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Cultural Resistance to Technology: From Machine-breakers to Citizen Developers (1)

Cultural Resistance to Technology: From Machine-breakers to Citizen Developers (1)
M. Çınar Büyükakça
M. Çınar Büyükakça Code2 / Great Thinker

Cultural Resistance to Technology: From Machine-breakers to Citizen Developers (1)🔗

“Those who cannot remember the past are condemned to repeat it.”—George Santayana

New technology is always disruptive. Because technology has a human component, the introduction of new technology changes something at the social, cultural and economic level. It puts some people at a disadvantage and gives some others an upper hand. If people can adjust to the ongoing technological change, the results can turn out to be manageable. If not, new technology will wreak havoc like a wrecking ball.

You can be sure that the invention of wheel caused a ripple effect throughout the societies that started using the wheel for the first time. It made pottery possible and overland transportation easier. The introduction of gunpowder must have raised some eyebrows among the artisans who made the bolts, arrows and bows the armies of that era used—they must have sensed that this black powder was about to put them out of work. Change triggered similar patterns of reactions every time. As the French would say: Plus ça change, plus c'est la même chose.

Fortunately, the destruction that Industrial Revolution caused among the working class in Britain is better documented. Actually, this is the topic of The Making of the English Working Class, the monumental work by the British historian E. P. Thompson. In his own words, Thompson’s effort was an attempt “to rescue the poor stockinger, the Luddite cropper, the "obsolete" hand-loom weaver … from the enormous condescension of posterity.” (Thompson, 1963, p.12) These people fell by the wayside as the industrial machinery gained more reception. They were handworkers in the textile and woollen industries who lost their jobs and were left without a livelihood after the introduction of machinery.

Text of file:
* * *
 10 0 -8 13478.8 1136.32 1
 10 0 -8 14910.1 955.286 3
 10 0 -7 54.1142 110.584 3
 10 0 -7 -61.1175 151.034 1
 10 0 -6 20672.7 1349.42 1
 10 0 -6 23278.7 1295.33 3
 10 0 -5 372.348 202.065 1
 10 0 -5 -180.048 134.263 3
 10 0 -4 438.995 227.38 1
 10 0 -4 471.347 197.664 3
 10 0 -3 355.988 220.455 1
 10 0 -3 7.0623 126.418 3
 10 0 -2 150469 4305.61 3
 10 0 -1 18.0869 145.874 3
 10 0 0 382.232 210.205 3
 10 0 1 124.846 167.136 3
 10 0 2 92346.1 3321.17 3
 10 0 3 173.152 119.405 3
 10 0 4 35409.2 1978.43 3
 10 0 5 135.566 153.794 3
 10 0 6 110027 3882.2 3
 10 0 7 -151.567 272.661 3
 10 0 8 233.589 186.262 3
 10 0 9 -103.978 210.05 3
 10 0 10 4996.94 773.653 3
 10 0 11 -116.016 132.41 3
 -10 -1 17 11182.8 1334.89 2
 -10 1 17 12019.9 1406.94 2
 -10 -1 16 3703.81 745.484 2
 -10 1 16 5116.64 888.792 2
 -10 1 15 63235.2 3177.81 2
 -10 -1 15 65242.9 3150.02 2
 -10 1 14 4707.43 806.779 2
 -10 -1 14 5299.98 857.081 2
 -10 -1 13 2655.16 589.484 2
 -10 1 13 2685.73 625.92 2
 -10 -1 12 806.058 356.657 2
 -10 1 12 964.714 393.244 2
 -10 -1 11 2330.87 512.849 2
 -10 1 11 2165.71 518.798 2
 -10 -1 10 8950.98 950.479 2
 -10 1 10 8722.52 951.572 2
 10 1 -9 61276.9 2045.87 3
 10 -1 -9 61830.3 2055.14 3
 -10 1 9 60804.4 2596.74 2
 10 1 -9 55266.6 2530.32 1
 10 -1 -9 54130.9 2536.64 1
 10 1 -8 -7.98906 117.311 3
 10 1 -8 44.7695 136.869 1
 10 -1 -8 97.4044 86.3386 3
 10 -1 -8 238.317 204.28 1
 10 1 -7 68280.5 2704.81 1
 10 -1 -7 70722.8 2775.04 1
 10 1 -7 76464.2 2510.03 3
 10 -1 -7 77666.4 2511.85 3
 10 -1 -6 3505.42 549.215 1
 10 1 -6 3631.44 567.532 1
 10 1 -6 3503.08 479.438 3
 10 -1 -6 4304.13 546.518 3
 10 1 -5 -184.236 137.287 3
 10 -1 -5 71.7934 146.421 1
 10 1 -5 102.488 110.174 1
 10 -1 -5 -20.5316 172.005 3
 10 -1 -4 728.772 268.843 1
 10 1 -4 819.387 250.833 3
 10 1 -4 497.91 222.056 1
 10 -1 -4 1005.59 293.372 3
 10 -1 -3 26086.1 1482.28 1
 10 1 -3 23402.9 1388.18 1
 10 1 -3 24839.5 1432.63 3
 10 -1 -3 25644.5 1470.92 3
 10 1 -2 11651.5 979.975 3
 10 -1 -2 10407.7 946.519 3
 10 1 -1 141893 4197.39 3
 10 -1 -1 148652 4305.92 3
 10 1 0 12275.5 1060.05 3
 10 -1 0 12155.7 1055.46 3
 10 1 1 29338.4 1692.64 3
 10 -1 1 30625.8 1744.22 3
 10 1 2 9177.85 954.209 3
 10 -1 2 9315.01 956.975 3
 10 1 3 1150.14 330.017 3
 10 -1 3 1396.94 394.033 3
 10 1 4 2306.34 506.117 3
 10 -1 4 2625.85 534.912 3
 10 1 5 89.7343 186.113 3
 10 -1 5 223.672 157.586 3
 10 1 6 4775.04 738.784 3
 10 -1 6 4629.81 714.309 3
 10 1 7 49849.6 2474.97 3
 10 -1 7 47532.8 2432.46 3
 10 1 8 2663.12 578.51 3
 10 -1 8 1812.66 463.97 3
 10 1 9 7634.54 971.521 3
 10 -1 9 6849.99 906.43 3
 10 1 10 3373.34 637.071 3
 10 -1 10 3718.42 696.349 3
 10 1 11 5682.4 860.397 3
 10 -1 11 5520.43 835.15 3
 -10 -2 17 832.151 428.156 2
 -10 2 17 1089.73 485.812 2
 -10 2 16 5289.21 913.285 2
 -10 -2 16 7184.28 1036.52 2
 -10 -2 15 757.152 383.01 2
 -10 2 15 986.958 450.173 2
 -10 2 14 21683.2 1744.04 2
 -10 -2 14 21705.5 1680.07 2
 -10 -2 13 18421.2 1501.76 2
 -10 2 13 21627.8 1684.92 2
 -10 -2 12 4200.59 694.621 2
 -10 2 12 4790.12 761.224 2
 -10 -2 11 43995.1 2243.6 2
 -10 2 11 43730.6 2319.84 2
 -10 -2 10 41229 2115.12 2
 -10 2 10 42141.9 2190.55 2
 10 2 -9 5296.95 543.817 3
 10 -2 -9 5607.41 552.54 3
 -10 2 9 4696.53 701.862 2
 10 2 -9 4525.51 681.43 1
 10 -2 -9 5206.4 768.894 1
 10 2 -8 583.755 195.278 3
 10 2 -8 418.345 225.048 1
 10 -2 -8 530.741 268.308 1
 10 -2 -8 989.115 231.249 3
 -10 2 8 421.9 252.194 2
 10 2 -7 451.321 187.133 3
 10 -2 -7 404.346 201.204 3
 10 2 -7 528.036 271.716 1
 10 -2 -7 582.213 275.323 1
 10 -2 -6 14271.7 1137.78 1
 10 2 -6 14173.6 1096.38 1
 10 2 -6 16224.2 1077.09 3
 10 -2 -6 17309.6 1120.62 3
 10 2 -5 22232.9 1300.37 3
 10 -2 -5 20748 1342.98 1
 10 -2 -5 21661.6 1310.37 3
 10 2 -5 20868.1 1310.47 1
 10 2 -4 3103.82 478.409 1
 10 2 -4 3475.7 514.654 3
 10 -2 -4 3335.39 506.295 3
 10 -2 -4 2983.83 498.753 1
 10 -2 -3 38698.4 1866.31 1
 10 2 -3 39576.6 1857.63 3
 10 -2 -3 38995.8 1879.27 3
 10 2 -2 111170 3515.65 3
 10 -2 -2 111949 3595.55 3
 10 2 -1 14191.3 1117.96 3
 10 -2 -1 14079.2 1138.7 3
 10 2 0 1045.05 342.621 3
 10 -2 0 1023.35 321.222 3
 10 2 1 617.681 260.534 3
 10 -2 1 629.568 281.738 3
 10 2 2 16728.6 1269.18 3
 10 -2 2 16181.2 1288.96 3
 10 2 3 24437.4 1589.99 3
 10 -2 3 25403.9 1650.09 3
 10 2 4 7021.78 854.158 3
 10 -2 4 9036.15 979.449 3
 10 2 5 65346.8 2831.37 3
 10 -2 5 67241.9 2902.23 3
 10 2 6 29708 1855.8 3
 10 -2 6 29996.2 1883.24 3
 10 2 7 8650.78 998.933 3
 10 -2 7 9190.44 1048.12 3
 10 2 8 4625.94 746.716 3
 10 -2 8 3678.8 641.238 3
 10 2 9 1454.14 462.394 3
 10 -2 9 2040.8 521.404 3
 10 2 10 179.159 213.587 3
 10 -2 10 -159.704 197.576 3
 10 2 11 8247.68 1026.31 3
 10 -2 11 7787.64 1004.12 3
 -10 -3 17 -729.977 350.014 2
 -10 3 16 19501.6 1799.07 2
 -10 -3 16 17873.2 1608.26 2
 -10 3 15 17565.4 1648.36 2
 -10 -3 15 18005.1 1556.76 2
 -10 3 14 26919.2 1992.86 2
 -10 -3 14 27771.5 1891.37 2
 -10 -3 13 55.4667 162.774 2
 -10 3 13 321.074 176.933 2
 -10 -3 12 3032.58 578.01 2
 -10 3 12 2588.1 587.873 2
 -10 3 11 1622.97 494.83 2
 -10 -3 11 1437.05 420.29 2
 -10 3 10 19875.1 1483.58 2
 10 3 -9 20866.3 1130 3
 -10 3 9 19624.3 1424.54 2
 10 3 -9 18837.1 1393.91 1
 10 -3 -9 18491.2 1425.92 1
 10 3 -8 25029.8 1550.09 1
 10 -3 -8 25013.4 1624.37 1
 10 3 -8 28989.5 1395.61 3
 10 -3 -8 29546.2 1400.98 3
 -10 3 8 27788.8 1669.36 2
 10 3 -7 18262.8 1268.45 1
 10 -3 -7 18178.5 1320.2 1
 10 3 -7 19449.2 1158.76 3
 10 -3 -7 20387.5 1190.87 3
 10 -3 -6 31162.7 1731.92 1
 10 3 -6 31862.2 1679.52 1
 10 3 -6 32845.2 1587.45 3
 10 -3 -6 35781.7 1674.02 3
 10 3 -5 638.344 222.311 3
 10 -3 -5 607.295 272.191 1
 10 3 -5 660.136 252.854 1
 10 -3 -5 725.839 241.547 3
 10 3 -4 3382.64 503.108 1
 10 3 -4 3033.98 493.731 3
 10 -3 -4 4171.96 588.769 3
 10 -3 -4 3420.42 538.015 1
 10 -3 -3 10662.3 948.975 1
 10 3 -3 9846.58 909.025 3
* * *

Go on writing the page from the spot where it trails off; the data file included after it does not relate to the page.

These people did not take it lying down, however. They fought back, first, through legal means: They petitioned the parliament and lobbied for a complete ban on industrial machinery. When that failed, they organized in armed groups and started roaming around in Nottinghamshire, Yorkshire and Lancashire, breaking machinery, threatening and attacking industrialists (Thompson, 1963, pp.472-602). They came to be called the Luddites, after a certain Ned Ludd, who was supposedly the first person to break machinery in protest.
The machine-breakers were quite clear about their demands (Thompson, 1963, p.530):

We will never lay down Arms [till] The House of Commons passes an Act to put down all Machinery hurtful to Commonality, and repeal that to hang Frame Breakers.

The Luddite movement started in 1811 and was totally defeated by 1817. The determination machine-breakers showed in protest of a technological breakthrough garnered a lot of attention in the later historiography. But there might be a lesson for us in their motives. Thompson used the term 'moral economy' to account for the way machine-breakers perceived the transformation they were subject to (Thompson, 1963, pp.63, 550, 583). According to this view, the machine-breakers believed that there were social values rooted in a traditional, paternalistic society upholding the economic order. These people thought they were party to a social contract, and thus had a right to livelihood. But the new machinery, by driving down prices of products, was putting them out of work and violating their ancient rights. This was the reason that made them take up arms against the royal army. In other words, stockingers, croppers, weavers and the like were the casualties in the battle between a traditional moral economy and free market forces.

The machine-breaker protests and the ensuing mob violence were the symptoms of a crumbling socio-economic order. They were the signs that Industry 1.0 had arrived. Industry 2.0, which came with increasing electrification, expanding railway network and the first assembly lines, and Industry 3.0, which relied on computer technologies, all had their winners and losers. Today we are standing at the threshold of another industrial revolution—the term Industry 4.0 was not coined for nothing. This one, too, is coming with all the destructive powers of previous revolutions. Do we have a moral economy in place? Who stands to lose this time around? This discussion deserves another post.

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